Coronavirus | COVID-19 unlikely to affect illicit drug supply, says United Nations Office on Drugs and Crime

Precursor chemicals used to make illicit drugs such as methamphetamine, ketamine, heroin and fentanyl seized by Myanmar police and military are seen in this undated photo near Loikan village in Shan State, between February and April 2020 in what the UNODC described as Asia’s biggest-ever drug bust.   | Photo Credit: Reuters

Movement restrictions owing to the COVID-19 pandemic may lead to an initial statistical reduction in drug seizures, but without a real change in terms of supply in the East and Southeast Asia region, according to the latest report from the United Nations Office on Drugs and Crime (UNODC).

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Re-ordering of governments’ priorities and resources towards the pandemic could also jeopardise the efforts to strengthen drug prevention and treatment programmes, said the report on “Synthetic Drugs in East and Southeast Asia”.

The report said that not every fluctuation in terms of drug seizures, prices, drug-related arrests or deaths in the coming months would be a direct or indirect consequence of the outbreak.

“Organised crime groups active in the region have shown a high degree of flexibility to respond to shortages of supplies, raising risk levels on certain trafficking routes. The flexibility of the illicit economy, which does not have to wait for new rules and regulations to enter into force, should also not be underestimated,” it said.

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The UNODC said a large proportion of methamphetamine, the main synthetic drug of concern in the region, was manufactured, trafficked and consumed without the need for globalised supply chains.

“Trafficking in the lower Mekong region also takes place in a variety of ways across borders which are porous and difficult to control, and cross-border movements in many places will not be significantly hindered by COVID-19 measures. While containerised trafficking exists, it is just one of many methods used, and the impact of reduced container trade may be limited,” said the report.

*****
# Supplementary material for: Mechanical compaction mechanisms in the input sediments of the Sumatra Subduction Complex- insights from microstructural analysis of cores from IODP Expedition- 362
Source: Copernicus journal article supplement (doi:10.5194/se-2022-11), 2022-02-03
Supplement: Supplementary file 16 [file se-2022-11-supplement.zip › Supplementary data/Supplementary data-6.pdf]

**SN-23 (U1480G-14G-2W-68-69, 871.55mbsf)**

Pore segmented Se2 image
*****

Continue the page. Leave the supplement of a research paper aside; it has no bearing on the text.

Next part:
Where movements were significantly affected, for instance couriers and body-packing through airports, routes and methods would change quickly, leading to an initial statistical reduction in seizures, but without a real change in terms of supply.

Limited control

Given that extreme levels of synthetic drug production took place in the region, partially due to a limited government control in the Golden Triangle (the area where the borders of Myanmar, Thailand and Laos meet), trafficking would continue at high volumes.

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“In particular, the supply of precursor chemicals is not likely to be disrupted for the foreseeable future because sourcing of chemicals by major organised crime groups is largely through direct diversion from industry within the region and subsequent trafficking, not diversion from illicit overseas trade channels,” said the report.

Increased crime

Due to social distancing and movement restrictions in several countries, street dealing of drugs might be significantly impacted and altered. Users’ methods to access drugs would also change. Economic hardship might also reduce the disposable income of some drug users, and result in increased crime.

“An already vulnerable population of drug users may be exposed to additional risks as funding is re-prioritised, access to programmes and services becomes difficult, activities of treatment providers are hampered, and communities concentrate on coping with the repercussions of the pandemic,” the report said.

Additional efforts would be required at the national, regional and international level to carefully analyse methods and trends to understand changes to drug markets in the wake of the pandemic, it added.

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Printable version | Jun 19, 2021 10:34:35 PM |

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